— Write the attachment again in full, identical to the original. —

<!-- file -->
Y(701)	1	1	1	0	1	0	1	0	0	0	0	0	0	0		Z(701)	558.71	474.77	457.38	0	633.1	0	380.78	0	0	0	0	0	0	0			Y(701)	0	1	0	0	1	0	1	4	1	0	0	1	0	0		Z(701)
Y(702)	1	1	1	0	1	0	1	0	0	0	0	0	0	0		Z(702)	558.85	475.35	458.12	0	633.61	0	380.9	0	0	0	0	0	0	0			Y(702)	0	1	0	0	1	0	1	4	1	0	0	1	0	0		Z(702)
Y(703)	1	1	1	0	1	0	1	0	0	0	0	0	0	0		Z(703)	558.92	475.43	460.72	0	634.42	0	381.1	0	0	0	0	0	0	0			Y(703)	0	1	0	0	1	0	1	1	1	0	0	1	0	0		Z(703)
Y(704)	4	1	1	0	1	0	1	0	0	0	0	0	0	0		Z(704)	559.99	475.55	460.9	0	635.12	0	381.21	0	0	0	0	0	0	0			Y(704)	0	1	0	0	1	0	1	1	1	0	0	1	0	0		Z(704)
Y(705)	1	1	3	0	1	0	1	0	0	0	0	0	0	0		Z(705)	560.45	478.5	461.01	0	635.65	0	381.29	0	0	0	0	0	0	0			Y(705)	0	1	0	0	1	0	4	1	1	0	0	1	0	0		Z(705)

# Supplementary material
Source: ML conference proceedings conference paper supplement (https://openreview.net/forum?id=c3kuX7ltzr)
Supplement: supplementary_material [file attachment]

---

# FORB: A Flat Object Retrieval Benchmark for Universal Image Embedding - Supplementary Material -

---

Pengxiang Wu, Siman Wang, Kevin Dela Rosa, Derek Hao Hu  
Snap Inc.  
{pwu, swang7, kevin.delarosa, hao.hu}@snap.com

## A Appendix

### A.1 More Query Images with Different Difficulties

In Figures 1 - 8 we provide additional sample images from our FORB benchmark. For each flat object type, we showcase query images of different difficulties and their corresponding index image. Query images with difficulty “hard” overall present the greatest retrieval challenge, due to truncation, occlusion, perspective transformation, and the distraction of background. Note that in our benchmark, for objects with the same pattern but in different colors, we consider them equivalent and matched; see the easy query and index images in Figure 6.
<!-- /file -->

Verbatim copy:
Y(701)	1	1	1	0	1	0	1	0	0	0	0	0	0	0		Z(701)	558.71	474.77	457.38	0	633.1	0	380.78	0	0	0	0	0	0	0			Y(701)	0	1	0	0	1	0	1	4	1	0	0	1	0	0		Z(701)
Y(702)	1	1	1	0	1	0	1	0	0	0	0	0	0	0		Z(702)	558.85	475.35	458.12	0	633.61	0	380.9	0	0	0	0	0	0	0			Y(702)	0	1	0	0	1	0	1	4	1	0	0	1	0	0		Z(702)
Y(703)	1	1	1	0	1	0	1	0	0	0	0	0	0	0		Z(703)	558.92	475.43	460.72	0	634.42	0	381.1	0	0	0	0	0	0	0			Y(703)	0	1	0	0	1	0	1	1	1	0	0	1	0	0		Z(703)
Y(704)	4	1	1	0	1	0	1	0	0	0	0	0	0	0		Z(704)	559.99	475.55	460.9	0	635.12	0	381.21	0	0	0	0	0	0	0			Y(704)	0	1	0	0	1	0	1	1	1	0	0	1	0	0		Z(704)
Y(705)	1	1	3	0	1	0	1	0	0	0	0	0	0	0		Z(705)	560.45	478.5	461.01	0	635.65	0	381.29	0	0	0	0	0	0	0			Y(705)	0	1	0	0	1	0	4	1	1	0	0	1	0	0		Z(705)

# Supplementary material
Source: ML conference proceedings conference paper supplement (https://openreview.net/forum?id=c3kuX7ltzr)
Supplement: supplementary_material [file attachment]

---

# FORB: A Flat Object Retrieval Benchmark for Universal Image Embedding - Supplementary Material -

---

Pengxiang Wu, Siman Wang, Kevin Dela Rosa, Derek Hao Hu  
Snap Inc.  
{pwu, swang7, kevin.delarosa, hao.hu}@snap.com

## A Appendix

### A.1 More Query Images with Different Difficulties

In Figures 1 - 8 we provide additional sample images from our FORB benchmark. For each flat object type, we showcase query images of different difficulties and their corresponding index image. Query images with difficulty “hard” overall present the greatest retrieval challenge, due to truncation, occlusion, perspective transformation, and the distraction of background. Note that in our benchmark, for objects with the same pattern but in different colors, we consider them equivalent and matched; see the easy query and index images in Figure 6.